"Who would you be if you didn't have the archetypes that were set for you by your mother and your father?" Barry asked.
Suddenly, I was lost. I thought that being on this yogic path, I've been learning exactly who I am for years. I know intuitively when something is right and when it is not the right fit for me. But here I was, being asked who I would be if I could be who I am from scratch. And, I wasn't sure what to say. Would I actually aim to be this happy all the time? Would I truly devote my life to inspiring healing and joy in others if I didn't know what it was like to suffer and not have a way out for so long?
We learn in yoga that your soul chooses to come here, to do what it is meant to do as part of its mission in this lifetime to burn off karma and samskaras. We learn to thank those who challenge us the most, because they are what is bringing us closer to enlightenment. To that end, we can thank our parents for volunteering to be the bodies that brought our souls into existence and that they did what they did, because it made us who we are today.
But is this who I want to be? Why am I still filled with doubt that I am worthy and lovable? It doesn't matter how many friends tell me what my positive attributes are, or how many students come to me with compliments for my teaching abilities. At the end of the day, I am with me. As far as I have come from where I once was, I still choose to be in relationships that treat me disrespectfully and I still choose to live in the shadow of my fullest potential. I have not yet owned my power, my beauty, my sexuality, my heart, my humor, my soul, my spirit, my entire being.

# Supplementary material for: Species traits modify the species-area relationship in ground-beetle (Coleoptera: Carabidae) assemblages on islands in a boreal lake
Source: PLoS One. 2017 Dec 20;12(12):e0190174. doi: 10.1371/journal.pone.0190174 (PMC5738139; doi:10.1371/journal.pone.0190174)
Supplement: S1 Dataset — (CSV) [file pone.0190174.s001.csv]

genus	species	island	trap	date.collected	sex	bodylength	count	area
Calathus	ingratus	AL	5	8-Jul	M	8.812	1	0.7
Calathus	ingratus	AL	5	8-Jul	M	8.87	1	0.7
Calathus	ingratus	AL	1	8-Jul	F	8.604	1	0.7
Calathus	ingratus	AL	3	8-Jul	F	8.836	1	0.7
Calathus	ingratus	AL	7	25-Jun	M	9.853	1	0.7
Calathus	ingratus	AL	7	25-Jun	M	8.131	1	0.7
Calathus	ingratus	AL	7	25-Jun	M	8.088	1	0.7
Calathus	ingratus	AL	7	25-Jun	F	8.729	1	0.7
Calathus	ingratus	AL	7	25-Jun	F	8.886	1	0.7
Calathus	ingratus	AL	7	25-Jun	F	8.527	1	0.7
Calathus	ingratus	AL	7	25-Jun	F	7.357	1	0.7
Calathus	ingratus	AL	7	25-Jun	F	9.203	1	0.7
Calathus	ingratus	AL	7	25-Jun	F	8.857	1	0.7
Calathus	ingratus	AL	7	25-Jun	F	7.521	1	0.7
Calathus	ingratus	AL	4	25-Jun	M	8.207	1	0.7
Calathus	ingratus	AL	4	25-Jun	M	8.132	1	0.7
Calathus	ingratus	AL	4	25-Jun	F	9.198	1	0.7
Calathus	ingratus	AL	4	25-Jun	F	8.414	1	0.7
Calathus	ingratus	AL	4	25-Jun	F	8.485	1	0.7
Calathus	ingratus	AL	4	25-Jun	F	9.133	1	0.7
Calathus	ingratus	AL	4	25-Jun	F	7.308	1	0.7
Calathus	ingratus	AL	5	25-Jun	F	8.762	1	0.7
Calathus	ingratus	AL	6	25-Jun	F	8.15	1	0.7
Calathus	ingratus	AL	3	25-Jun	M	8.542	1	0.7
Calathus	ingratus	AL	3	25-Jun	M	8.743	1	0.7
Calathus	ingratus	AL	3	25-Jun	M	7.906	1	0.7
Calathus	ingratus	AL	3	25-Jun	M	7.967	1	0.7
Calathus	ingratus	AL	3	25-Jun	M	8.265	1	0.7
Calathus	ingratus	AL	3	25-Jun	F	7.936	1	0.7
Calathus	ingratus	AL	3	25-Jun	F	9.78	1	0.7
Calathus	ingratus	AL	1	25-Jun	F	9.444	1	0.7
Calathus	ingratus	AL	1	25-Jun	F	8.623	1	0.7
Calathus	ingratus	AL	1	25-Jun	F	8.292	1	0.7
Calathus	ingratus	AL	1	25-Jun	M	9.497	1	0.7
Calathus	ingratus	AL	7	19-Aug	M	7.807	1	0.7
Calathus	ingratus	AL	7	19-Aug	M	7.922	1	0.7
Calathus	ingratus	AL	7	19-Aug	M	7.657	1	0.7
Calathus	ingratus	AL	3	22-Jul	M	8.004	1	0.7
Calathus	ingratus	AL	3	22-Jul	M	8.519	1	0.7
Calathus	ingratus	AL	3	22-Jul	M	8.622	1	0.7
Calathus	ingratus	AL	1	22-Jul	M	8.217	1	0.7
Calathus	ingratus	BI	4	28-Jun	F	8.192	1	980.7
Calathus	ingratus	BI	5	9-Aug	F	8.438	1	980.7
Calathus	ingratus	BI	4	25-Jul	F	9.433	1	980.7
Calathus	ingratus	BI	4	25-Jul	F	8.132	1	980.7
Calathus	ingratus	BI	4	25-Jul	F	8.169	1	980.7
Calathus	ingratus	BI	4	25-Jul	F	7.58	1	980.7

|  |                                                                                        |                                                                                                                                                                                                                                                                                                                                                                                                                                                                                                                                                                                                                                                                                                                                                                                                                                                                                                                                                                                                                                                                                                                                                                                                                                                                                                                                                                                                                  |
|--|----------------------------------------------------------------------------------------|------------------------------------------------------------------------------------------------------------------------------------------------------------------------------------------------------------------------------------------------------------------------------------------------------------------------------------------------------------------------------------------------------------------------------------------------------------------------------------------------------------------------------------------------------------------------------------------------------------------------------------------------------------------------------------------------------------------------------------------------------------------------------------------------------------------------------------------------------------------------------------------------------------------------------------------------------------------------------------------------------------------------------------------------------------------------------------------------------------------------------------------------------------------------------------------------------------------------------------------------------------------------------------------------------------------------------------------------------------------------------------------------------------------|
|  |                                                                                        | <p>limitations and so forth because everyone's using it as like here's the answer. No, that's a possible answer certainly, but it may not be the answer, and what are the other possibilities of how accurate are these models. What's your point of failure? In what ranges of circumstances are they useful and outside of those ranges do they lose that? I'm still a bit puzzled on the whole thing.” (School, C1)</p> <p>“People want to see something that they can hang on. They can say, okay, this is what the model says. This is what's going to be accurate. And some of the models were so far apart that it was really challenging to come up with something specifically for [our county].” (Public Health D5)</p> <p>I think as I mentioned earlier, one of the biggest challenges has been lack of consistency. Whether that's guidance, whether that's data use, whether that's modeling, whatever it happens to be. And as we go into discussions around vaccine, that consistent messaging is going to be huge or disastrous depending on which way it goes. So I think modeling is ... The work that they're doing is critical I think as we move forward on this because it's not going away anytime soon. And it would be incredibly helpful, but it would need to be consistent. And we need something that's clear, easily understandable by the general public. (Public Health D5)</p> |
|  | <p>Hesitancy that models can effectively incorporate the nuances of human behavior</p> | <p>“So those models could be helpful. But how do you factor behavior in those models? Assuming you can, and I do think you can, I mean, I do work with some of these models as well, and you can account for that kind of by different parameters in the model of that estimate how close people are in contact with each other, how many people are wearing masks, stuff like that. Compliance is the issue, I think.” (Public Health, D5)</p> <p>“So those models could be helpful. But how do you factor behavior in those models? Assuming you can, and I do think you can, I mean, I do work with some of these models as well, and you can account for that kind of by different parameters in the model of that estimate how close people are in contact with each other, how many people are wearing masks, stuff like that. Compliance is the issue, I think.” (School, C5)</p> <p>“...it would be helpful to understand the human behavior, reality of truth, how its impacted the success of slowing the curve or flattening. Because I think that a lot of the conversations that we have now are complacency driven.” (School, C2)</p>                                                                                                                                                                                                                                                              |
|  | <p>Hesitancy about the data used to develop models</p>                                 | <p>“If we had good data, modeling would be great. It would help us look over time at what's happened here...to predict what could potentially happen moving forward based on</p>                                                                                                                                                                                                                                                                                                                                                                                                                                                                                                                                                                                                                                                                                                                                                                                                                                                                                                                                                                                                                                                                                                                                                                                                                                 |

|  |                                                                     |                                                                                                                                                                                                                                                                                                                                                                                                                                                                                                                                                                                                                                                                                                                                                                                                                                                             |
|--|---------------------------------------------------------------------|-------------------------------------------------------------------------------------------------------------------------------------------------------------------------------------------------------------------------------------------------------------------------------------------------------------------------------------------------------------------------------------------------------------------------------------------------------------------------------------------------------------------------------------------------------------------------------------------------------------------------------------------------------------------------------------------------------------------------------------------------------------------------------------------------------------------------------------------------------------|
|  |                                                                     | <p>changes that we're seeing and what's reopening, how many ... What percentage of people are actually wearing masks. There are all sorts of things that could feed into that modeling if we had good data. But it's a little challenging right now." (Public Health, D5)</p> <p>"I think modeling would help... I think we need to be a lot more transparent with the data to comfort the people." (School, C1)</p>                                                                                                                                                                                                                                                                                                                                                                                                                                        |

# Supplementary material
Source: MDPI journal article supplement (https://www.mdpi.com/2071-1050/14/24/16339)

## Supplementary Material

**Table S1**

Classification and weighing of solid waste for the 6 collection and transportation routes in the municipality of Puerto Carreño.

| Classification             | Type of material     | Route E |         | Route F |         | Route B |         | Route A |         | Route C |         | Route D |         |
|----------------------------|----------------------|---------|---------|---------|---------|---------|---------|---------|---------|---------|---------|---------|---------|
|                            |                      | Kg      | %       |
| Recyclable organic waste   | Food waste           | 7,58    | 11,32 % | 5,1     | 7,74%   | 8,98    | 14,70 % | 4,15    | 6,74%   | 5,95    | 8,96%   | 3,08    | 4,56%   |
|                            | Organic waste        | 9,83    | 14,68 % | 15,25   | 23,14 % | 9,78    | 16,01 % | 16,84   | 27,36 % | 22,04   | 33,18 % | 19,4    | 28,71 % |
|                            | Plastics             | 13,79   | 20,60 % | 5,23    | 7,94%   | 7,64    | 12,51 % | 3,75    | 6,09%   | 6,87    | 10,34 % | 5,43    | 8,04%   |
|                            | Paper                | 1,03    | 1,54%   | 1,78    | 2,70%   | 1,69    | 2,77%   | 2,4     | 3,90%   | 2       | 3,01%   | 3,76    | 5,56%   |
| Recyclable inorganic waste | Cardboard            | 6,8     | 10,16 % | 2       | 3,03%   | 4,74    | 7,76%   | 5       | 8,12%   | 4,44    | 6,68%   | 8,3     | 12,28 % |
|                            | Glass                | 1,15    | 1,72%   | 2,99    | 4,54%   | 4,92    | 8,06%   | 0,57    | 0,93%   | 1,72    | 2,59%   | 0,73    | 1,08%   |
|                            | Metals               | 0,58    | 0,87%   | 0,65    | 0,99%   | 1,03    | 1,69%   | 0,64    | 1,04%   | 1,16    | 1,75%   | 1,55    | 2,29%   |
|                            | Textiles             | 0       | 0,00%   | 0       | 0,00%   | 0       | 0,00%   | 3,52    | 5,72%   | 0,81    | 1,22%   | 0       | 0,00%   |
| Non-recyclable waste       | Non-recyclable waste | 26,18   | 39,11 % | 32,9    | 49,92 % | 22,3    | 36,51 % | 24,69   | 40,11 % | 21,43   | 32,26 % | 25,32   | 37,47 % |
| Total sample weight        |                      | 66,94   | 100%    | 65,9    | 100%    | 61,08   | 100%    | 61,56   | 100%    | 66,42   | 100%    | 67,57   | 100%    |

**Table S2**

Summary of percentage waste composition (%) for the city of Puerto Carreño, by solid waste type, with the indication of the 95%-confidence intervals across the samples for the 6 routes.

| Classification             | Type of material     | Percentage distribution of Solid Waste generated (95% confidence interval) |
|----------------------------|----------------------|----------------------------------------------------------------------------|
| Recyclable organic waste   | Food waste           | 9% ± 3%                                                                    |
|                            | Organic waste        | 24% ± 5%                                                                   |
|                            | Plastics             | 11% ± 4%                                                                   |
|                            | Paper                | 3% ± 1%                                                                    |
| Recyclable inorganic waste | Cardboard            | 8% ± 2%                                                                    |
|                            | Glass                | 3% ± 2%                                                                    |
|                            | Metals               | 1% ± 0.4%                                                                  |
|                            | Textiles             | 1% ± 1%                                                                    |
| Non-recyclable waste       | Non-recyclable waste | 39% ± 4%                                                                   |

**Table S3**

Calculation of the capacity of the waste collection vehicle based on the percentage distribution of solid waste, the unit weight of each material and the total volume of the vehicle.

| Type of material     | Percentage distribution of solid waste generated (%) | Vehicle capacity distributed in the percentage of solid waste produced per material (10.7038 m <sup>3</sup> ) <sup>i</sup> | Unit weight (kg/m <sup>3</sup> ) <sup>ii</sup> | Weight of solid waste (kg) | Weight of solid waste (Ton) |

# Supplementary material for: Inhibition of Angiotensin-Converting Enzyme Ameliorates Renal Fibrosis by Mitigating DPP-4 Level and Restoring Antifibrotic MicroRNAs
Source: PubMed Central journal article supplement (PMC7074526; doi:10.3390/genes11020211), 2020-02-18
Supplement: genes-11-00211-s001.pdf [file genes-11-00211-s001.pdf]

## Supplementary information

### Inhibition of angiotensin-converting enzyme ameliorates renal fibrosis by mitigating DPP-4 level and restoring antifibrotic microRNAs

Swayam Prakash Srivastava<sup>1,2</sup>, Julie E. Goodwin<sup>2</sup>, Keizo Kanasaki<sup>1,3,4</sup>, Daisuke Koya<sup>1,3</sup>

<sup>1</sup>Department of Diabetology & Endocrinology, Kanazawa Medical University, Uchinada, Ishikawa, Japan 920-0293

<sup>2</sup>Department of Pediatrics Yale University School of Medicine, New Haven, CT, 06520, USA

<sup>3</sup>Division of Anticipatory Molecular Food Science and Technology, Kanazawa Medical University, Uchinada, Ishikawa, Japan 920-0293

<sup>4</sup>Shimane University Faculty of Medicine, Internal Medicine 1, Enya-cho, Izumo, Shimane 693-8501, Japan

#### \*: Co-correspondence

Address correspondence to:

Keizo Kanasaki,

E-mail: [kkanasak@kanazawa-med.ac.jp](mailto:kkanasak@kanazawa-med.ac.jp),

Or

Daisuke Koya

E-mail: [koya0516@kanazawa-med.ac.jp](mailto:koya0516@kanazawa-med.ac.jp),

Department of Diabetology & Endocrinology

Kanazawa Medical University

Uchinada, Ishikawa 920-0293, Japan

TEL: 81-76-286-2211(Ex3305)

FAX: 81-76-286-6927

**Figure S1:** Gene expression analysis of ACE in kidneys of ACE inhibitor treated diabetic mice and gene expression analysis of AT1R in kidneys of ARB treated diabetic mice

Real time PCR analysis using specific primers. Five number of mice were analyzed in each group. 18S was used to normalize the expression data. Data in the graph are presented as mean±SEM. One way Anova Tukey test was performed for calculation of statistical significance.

I keep giving my power away.
And that is where Barry comes in, to ask me if that's really what I want to keep doing from now on. Do I want to keep allowing others to dictate my present? Do I really need anyone else to tell me what is good for me, to give me permission for being me, for giving input on what will add to my life and what will detract from it? Do I still need someone to affirm what resonates with me as truth versus something I feel like I "should" be doing?